to the decline (decrease) which may occur in sales from actual or budgeted levels to the break-even
The Terminology of CIMA defines margin of safety ratio
and indicates the percentage by which forecast
turnover exceeds or falls short of break-even.
Essentially, the margin of safety reveals (shows) the amount by which sales may decline
before losses occur. In other words, it indicates (shows) what portion of the sales are available to
generate profits for the firm. It is calculated as under:
Margin of safety
Actual sales – Break-even sales
This concept may be expressed (stated) as a ratio through the division of the rupee margin of
safety by budgeted or actual sales.
It is reasonable that the greater the margin of safety, the better it is for the firm.
Angle of Incidence
The angle which is formed by the intersection (cutting) of the total cost line and the sales line is
called the angle of incidence. The angle of incidence indicates the profit earning capacity of a
business. A large angle, namely a broad profit wedge shows a high rate of earnings after the breakeven point is reached. The reverse is the case when the angle is small.
Generally, firms which are highly stable have a small angle of incidence (i.e., narrow profit
edge), low break-even point, high margin of safety, low fixed cost and high variable costs per unit.
On the other hand, highly speculative or risky firms have a large angle of incidence, high break-even
point, low margin of safety, high fixed cost and low variable cost per unit.
Cost – Volume – Profit Analysis
Cost – Volume – profit analysis attempts to determine the effect that a change in volume, cost
price and product mix will have on profits. The Terminology of CIMA defines cost – volume
– profit analysis as “The study of the effects on future profits of changes in fixed cost,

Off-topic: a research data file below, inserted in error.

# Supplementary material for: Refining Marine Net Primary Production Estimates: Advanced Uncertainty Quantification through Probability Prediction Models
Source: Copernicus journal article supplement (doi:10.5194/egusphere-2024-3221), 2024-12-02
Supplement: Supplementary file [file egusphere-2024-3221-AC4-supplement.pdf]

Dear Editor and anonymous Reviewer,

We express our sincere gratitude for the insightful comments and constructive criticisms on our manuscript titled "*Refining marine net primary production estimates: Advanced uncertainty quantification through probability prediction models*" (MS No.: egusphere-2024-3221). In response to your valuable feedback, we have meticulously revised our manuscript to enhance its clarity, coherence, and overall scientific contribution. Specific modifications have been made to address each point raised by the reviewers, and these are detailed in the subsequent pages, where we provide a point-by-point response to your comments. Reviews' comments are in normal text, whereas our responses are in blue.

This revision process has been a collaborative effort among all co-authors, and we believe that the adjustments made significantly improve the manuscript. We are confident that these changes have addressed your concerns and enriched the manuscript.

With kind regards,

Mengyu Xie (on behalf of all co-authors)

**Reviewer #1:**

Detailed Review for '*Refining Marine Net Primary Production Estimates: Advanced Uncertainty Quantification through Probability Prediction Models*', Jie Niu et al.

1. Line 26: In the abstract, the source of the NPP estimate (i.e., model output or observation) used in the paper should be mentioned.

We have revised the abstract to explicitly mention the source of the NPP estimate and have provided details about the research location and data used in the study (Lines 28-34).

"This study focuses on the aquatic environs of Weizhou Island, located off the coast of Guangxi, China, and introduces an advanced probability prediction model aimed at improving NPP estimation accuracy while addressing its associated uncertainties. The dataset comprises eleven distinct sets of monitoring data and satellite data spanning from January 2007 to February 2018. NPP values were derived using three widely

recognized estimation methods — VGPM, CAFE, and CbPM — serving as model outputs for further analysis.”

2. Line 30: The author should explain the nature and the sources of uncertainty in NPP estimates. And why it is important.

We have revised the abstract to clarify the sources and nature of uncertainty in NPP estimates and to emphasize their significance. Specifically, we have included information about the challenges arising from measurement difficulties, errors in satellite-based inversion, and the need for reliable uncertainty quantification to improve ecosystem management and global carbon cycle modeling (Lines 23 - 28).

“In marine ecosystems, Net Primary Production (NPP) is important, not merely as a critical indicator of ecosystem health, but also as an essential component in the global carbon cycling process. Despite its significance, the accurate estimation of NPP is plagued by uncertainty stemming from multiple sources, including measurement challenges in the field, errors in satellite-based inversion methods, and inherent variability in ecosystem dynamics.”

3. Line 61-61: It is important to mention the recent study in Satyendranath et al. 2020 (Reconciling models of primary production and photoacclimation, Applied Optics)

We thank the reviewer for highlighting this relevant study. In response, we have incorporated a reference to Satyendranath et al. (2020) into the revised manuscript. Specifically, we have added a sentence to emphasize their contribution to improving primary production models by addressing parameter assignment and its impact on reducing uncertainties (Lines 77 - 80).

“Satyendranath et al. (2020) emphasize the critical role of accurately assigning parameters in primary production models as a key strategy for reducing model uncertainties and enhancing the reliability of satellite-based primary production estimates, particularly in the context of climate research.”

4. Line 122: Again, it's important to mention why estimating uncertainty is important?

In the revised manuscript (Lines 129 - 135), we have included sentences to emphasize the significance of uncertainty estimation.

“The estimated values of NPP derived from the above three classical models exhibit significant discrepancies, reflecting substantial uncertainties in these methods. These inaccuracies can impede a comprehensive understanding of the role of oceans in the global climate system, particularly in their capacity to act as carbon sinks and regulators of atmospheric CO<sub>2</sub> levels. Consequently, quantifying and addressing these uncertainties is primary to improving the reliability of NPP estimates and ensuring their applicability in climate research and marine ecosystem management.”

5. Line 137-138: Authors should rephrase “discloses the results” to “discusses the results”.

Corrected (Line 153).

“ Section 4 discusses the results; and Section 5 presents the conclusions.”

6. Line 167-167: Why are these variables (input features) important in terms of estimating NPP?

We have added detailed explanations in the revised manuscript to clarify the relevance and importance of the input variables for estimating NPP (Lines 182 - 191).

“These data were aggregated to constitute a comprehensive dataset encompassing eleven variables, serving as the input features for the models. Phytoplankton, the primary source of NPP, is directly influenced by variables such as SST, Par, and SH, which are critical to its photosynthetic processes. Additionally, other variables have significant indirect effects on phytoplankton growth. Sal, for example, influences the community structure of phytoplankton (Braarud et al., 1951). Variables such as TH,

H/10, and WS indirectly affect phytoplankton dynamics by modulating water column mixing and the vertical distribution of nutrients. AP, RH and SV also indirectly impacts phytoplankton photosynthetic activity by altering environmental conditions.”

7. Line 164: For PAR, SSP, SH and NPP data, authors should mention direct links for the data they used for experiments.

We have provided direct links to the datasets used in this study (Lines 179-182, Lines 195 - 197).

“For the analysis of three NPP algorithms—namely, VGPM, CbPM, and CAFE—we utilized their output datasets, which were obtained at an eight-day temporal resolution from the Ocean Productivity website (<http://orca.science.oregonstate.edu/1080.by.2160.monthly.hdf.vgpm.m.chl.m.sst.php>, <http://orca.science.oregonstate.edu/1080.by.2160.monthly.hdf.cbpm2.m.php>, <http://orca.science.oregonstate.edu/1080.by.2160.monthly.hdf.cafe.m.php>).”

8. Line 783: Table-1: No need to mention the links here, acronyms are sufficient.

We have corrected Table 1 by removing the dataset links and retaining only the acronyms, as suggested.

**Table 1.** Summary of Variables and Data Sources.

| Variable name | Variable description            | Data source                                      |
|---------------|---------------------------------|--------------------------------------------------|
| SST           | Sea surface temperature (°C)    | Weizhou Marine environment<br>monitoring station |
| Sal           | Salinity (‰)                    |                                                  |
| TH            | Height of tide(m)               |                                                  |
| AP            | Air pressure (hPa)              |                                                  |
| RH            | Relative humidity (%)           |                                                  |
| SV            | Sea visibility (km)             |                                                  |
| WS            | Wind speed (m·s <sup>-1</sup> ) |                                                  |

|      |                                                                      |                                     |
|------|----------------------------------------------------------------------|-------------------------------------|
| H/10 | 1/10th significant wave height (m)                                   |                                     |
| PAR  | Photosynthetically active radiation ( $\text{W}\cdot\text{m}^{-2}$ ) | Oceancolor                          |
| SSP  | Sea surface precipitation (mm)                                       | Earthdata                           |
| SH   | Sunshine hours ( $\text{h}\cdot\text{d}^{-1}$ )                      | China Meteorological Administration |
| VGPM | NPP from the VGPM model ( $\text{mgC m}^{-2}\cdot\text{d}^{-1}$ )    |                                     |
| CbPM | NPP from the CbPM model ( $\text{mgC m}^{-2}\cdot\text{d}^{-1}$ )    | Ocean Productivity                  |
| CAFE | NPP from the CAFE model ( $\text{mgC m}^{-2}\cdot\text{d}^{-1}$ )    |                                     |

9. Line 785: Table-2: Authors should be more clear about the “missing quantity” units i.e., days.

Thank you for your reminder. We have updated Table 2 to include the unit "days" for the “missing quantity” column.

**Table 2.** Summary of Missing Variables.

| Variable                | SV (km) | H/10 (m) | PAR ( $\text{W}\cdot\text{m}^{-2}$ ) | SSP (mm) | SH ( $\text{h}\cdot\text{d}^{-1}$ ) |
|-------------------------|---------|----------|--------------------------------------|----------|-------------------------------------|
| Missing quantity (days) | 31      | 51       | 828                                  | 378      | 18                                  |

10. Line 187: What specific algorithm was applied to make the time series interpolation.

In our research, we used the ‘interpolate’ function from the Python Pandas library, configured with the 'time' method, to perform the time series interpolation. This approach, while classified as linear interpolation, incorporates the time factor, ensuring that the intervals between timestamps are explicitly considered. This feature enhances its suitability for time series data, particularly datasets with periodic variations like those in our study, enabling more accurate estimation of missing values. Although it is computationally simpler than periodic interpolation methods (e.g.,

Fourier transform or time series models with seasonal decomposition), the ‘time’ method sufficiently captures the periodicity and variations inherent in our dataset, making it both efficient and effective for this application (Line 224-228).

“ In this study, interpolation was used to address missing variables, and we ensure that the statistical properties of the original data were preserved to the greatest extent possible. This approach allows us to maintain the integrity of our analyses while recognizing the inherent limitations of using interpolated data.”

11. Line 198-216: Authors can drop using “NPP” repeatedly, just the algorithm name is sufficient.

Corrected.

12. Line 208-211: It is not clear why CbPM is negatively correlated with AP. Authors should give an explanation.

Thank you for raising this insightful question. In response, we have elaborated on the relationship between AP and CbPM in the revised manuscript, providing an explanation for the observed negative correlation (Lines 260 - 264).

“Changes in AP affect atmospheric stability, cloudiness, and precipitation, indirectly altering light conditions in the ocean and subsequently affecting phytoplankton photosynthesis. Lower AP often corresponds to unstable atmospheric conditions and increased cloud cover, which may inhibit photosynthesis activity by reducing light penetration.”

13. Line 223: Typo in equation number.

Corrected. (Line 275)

variable cost, sales price, quantity and mix”. This technique is based on the employed only
for short term decisions making.
While making decisions, the management of a firm focuses its attention on the alternative
courses of action available for making profit. The cost of a product is dependent upon volume of
output, price of inputs, product is dependent upon volume of output, price of inputs, product mix
etc. the price of a product is subject to the influence of a number of factors, namely competitors’
actions, demand etc.
Utility of Cost – Volume – Profit Analysis
i.Analyzing a modernization or automation programs.
ii.Studying the effect of a general expansion in the level of operations.
iii.Making new product decisions.
iv.Determination of optimum selling price of products.
v.Estimation of profit or loss at different levels of output.
vi.Planning for cash requirements at a given volume of output.
vii.To exercise cost control.
viii.Making plant shutdown decisions.
Applications of Cost – Volume – Profit Analysis
1. Analyzing modernization or automation programmed
2. Studying the effects of general expansion in the level of operations
3. Making new product decisions
4. Determination of optimum sale price of products.
5. Profit planning
The assumptions of the CVP model yield the following linear equations for total costs and total
These are linear because of the assumptions of constant costs and prices, and there is no
distinction between units produced and units sold, as these are assumed to be equal. Note that